Push Boundaries and Make No Excuses

Posted by Linda Seger on

As a script consultant, Dr. Linda Seger has worked with more than 2000 scripts, from 'The Neverending Story II' to 'Midnight in the Garden of Good and Evil.' Linda has also extensively studied the creative process, working with writers to jump-start their brains and emotions. Her most recent book 'Making a Good Writer Great' (available at The Writers Store along with Linda's previous books) focuses on creativity and how to awaken it. From her office in Venice, California, Linda offers the following words of advice to fellow writers:

In so many scripts I read, nobody feels anything. No one reacts to what is going on around them. If a person is not reacting, either they're emotionally dead, or you, as a writer, have not been putting yourself into situations that are forcing an emotional reaction from you. So some of the exercises in 'Making a Good Writer Great' say push your boundaries, and keep a journal and write about what you feel. What will happen is that you'll find that your writing has become very lively because it's very immediate and connected to the present -- to your gut and your heart. I've tried it many times myself.

Great writers are not afraid to put themselves on the line. Writing is scary. It's the full range of emotions. What I have discovered through writing these six books -- and I'm almost done with the seventh -- is that there's always a period when I'm writing that I get petrified. Sometimes it lasts for three or four months, or sometimes it lasts a weekend, or it comes and goes every three weeks. What I've learned is that you can write when you're petrified. A lot of excuses people use for not writing is that they're scared. Well, of course! People who write are scared. And the people who would like to write are scared. The difference is people who write are scared, and they write anyway. Being petrified has nothing to do with your ability to write.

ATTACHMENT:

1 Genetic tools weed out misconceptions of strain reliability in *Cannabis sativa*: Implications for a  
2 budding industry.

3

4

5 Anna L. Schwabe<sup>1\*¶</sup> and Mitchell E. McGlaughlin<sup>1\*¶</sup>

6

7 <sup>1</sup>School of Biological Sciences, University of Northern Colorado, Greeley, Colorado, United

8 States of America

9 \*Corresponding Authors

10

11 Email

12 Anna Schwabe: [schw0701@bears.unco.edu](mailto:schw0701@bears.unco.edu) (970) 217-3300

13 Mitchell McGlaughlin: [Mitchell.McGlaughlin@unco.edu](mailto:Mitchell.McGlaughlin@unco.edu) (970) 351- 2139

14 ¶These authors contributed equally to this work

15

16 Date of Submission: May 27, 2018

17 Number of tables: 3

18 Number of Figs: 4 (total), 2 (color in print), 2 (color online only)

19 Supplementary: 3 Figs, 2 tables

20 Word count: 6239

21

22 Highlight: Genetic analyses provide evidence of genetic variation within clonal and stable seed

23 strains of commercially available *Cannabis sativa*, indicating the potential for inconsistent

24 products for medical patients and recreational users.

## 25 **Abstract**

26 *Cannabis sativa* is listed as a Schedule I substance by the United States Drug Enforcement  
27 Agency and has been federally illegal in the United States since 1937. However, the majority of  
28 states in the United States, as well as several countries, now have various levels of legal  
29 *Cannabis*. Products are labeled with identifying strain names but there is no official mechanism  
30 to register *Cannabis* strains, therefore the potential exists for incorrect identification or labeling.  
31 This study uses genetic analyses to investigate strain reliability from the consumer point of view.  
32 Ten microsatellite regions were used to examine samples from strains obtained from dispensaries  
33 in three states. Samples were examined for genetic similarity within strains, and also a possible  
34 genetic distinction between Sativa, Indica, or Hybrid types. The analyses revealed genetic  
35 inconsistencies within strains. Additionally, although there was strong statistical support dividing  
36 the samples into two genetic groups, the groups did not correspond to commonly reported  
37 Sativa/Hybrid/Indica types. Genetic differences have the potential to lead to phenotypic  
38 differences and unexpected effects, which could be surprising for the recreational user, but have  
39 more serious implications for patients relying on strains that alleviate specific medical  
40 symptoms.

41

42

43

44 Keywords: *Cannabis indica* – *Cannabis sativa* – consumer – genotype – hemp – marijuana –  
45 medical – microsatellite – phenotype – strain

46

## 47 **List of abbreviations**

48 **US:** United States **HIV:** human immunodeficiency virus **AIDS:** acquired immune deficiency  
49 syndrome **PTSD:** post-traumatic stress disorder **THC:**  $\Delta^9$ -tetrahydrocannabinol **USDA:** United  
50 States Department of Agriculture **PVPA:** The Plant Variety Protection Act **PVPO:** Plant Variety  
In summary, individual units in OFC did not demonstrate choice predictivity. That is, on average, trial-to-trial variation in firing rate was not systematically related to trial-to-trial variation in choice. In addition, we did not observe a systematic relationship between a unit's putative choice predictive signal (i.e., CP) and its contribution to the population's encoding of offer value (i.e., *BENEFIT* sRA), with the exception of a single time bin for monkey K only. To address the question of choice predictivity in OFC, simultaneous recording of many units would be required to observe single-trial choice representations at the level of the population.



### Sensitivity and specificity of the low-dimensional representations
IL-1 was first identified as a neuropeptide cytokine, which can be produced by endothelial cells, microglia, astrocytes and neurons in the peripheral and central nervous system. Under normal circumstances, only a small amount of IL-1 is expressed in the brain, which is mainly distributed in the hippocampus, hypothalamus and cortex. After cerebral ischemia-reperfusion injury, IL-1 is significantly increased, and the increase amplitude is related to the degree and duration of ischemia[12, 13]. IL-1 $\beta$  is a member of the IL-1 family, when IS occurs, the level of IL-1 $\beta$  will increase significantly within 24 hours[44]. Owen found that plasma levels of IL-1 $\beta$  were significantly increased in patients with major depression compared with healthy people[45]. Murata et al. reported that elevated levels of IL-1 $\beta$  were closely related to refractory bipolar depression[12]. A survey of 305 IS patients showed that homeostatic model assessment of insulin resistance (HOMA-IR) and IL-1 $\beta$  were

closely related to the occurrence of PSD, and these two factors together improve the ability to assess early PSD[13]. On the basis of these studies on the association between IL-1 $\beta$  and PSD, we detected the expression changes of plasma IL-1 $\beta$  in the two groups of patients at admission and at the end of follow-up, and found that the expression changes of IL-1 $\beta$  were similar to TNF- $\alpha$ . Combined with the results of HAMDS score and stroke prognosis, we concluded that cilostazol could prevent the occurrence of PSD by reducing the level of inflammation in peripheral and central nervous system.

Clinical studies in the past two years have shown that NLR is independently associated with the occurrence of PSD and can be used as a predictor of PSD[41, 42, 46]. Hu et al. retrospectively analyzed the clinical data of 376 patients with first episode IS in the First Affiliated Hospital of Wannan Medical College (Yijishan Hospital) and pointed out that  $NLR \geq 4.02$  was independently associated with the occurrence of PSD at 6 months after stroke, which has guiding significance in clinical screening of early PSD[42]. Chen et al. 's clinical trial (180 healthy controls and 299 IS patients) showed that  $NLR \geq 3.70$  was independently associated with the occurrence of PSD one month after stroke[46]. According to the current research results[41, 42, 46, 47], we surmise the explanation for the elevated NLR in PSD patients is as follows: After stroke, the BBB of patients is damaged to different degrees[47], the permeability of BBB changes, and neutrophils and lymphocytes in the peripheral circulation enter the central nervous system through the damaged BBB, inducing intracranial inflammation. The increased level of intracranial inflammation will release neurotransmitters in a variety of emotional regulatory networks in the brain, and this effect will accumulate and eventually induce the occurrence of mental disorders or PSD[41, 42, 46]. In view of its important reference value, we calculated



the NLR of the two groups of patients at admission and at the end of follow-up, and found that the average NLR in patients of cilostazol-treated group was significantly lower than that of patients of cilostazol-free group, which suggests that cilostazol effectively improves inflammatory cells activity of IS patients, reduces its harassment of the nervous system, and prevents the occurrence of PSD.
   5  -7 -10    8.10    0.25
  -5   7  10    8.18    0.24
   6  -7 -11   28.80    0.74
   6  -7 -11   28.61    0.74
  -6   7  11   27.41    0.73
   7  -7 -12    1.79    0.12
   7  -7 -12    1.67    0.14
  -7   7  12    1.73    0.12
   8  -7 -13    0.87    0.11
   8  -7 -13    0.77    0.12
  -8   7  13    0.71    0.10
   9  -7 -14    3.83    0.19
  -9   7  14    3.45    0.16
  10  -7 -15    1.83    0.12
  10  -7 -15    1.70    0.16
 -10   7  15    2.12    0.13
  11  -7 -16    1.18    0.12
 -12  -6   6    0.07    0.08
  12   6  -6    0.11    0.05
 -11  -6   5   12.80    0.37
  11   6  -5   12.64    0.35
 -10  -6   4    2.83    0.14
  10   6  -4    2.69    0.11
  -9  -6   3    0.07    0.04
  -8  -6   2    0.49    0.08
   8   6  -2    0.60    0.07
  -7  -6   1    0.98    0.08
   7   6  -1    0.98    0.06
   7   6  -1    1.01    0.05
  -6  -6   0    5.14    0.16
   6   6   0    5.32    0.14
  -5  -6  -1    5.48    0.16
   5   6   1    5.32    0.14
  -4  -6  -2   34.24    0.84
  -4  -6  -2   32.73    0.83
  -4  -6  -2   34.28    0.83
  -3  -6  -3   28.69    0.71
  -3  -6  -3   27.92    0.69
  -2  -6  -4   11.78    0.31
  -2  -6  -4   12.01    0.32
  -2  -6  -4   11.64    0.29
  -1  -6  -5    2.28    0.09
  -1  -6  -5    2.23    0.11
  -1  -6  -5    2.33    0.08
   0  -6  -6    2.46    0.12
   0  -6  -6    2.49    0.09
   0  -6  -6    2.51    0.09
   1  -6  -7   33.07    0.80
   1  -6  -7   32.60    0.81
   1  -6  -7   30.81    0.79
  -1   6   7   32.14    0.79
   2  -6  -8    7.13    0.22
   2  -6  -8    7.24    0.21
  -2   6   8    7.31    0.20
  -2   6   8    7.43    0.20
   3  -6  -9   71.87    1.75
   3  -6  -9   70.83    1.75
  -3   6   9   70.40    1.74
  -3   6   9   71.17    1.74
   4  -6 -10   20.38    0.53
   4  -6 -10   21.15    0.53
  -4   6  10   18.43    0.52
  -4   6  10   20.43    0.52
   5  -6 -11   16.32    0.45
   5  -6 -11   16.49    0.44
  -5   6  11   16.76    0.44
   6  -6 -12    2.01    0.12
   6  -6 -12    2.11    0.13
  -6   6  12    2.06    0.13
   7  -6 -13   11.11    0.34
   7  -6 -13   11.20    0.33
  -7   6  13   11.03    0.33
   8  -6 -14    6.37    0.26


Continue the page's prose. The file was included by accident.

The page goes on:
When you're not writing, you're also doing something. You're feeding yourself. One way to train your brain is you do creative exercises the same way you do your physical exercises. One of the creative exercises is to simply practice visualizing. By practicing it, what you'll probably notice is that some things are easier to do than others, while some are more difficult. It's easier for me to change colors in my mind. If you said imagine a red rose, a yellow rose, a rose that was half-red, half-yellow, see it dissolve, see it grow, see it bloom, that is real easy for me to do. The harder thing for me is to put things in motion. Seeing a car driving, a horse galloping any of those motion things. So I just started practicing them. You watch motion, you go out to the curb and watch a car drive past and then close your eyes and imagine the car driving past. And if you keep doing that, your ability to imagine motion will get a lot better, and then you can start practicing metaphors. You can say to yourself, what would justice look like? What would feeling oppressed look like? Could I create an image to do that? Then your mind is beginning to think in cinematic metaphors.

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